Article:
Coming from the New World, Madeleine loved this aspect of Bath, its dark and ancient history. (Was it a coincidence that she was sleeping with an archaeologist, a man obsessed with its past?) As far back as seven thousand years, when Stone Age hunters discovered the valley, water, boiling up from the bowels of the earth, had drawn men to it. But not me, she reminded herself with unease; it was not the waters that drew me back.
She drove on, dismissing from her thoughts of the painful reason for her return to Bath, and turning her eyes away from the rolling Somerset landscape, she focused on the bumper of the horsebox in front of her.
Sometime later she was startled out of a reverie by her phone ringing inside her handbag. She had already reached the city and turned off on London Road, now practically at a standstill in a traffic jam. She didn't answer the call, having broken too many laws for one afternoon. The thought made her slip her fingers into her pocket to feel the object Edmund had given her. It was small and egg-shaped, but weighed heavily in her hand.
She crossed the river between the Doric tollhouses on Cleveland Bridge, passed under the railway arches, and was soon at her house, on the south curve of the city. It was part of a row of squat eighteenth-century cottages built for the stonemasons who had worked and dragged the Bath stone down from its quarries up on the hill.
She parked in the lane behind the row and sat for a moment in the car. Her phone beeped a message. Hopefully not Gordon, canceling their date. He did this a bit too often for her liking. She fished the phone out and put it to her ear.
"Sylvia here. Ten minutes to five. Howard Barnes canceled his appointment on Monday morning. Again! But if you're imagining a lie-in with your sexy archaeologist, I'm sorry to disappoint. A Miss Rachel Locklear walked in just a few minutes ago, wanting to see a woman therapist. So I exercised my initiative and gave her the slot. I know, I know, there are people on your waiting list, but it was too late to start phoning around. I just hope she shows up...she wasn't your regular posh professional type, if you know what I mean. Well, Happy Birthday again, and have a good weekend."
Madeleine smiled to herself. Where would she be without her receptionist's famous initiative? Hardly having a lie-in with the elusive Gordon!
Gordon Reddon was, at thirty-six, almost seven years younger than Madeleine. Worse, or better -- Madeleine couldn't quite decide which -- he seemed several years younger than his age, both in appearance and in attitude. She tried not to feel flattered or, God forbid, grateful, but she was just a little bit pleased with herself.
An hour after she'd come home, and had showered off the cloying prison smell and changed into a simple black dress, coupled with sensible woolly tights and knee-high boots, he rang the doorbell. She let her eyes slide over him as he stood, framed by the yellow glow of he streetlight. He was one inch shorter than she was, but she didn't mind that. For a man of his "down-to-earth" profession he was conspicuously vain about his appearance. His gym-honed physique was encased in black jeans and a fitted shirt in the palest possible dusky pink, with expensive-looking belt and shoes. Over it all was draped a black capelike rain garment.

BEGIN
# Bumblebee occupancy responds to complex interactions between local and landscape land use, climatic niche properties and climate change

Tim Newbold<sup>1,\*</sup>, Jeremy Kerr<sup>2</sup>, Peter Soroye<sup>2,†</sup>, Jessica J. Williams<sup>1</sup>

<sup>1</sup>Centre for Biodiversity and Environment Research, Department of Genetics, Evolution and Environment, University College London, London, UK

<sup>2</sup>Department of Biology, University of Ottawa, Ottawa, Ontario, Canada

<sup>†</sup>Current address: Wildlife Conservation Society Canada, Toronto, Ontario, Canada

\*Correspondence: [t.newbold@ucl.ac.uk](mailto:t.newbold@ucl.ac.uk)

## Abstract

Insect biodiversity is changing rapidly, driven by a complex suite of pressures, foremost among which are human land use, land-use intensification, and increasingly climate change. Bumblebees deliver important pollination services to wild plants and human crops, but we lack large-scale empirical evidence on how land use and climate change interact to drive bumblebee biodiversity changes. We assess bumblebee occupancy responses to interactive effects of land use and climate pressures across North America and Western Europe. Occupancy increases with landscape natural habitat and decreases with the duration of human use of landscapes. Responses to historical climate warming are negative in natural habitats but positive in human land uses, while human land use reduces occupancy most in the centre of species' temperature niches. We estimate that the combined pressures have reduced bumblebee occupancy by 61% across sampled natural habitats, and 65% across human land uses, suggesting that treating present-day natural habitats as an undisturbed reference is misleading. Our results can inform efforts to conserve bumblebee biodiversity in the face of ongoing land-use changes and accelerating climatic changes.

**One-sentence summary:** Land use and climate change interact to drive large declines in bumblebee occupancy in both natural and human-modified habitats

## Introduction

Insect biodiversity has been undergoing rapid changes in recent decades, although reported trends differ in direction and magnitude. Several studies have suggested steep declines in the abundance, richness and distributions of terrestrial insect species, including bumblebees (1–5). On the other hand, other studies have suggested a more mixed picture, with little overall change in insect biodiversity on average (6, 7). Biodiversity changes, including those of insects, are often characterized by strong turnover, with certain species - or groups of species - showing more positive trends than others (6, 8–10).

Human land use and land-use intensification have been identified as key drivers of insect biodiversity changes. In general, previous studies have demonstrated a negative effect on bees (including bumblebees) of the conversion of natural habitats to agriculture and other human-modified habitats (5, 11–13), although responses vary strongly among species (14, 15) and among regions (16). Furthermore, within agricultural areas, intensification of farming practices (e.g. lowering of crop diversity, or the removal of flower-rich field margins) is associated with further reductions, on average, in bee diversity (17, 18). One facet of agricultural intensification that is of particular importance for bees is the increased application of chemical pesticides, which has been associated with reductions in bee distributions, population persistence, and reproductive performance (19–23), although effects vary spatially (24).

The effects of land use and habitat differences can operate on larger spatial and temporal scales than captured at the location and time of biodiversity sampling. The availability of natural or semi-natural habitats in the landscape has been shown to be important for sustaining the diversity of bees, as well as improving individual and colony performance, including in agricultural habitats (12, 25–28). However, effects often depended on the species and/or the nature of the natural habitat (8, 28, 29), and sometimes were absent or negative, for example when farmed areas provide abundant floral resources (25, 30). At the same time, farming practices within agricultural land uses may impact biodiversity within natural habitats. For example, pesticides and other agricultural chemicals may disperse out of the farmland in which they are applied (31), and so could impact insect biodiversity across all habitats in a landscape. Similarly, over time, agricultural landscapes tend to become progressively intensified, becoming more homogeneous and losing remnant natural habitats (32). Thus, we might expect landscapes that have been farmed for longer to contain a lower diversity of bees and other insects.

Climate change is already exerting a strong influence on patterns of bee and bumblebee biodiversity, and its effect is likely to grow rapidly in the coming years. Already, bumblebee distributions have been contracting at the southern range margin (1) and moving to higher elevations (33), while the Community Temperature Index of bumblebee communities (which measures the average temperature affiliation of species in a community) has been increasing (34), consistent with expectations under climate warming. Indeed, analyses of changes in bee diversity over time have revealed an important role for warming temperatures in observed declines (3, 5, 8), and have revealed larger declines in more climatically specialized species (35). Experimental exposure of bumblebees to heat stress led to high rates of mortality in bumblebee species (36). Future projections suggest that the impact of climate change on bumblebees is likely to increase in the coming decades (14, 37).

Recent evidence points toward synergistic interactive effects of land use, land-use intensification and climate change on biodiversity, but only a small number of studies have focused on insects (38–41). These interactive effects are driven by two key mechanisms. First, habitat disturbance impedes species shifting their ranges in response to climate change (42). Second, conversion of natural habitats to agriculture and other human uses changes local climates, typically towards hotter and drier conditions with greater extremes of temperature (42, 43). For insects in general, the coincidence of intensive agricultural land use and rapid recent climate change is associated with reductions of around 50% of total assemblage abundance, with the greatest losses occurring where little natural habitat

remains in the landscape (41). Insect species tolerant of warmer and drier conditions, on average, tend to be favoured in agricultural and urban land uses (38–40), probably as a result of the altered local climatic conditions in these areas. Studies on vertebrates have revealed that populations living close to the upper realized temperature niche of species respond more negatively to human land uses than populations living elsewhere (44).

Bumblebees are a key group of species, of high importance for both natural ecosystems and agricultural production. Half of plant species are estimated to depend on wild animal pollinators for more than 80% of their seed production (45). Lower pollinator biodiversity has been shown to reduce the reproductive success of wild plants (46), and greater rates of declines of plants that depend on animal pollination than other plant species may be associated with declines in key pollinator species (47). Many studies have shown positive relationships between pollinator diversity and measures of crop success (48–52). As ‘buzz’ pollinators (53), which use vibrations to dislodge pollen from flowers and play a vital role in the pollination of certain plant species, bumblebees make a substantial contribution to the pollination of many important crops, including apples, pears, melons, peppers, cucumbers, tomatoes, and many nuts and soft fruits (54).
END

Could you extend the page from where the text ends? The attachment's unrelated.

"Happy Birthday," he said, smiling, and whipped a small bouquet of yellow roses from behind his back. "You did tell me."
"Yes, well...I'm not one of those older women who hates birthdays. Every year is a triumph of endurance and survival. Why not celebrate?" She planted a peck on his designer-stubbled cheek, and let him into the house.
"You look delectable." Gordon laughed and put his arm around her waist. "I can't believe you're getting older and older than me."
It was just a little more than she'd bargained for. She moved away from his arm and led the way into the living room. "Where are you taking me?"
He grinned. "Anywhere you want to go. Give us a beer, love."
With a slight frown she made her way to the kitchen, while Gordon approached the large painting leaning against the living room wall. It was the last in her Cave Series. Madeleine had brought it down from her attic studio in order to sit on the sofa and mull over its strengths and weaknesses. With fair quantities of alcohol she could unleash that part of her brain responsible for evaluating these self-indulgent works of art.
"What's my favorite myrmecologist painting now?" Gordon called to her.
She smiled, visualizing him tilting his head this way and that in an attempt to make sense of the ants' feverish entrance into, and exit from, an apparently vast black cave. Knowing he wasn't really interested in contemporary art, she couldn't fault him. He always showed willing, ready to listen with genuine interest to her drawn-out explanations should she care to offer them. The one and only subject of her paintings, ants, had intrigued him from the start.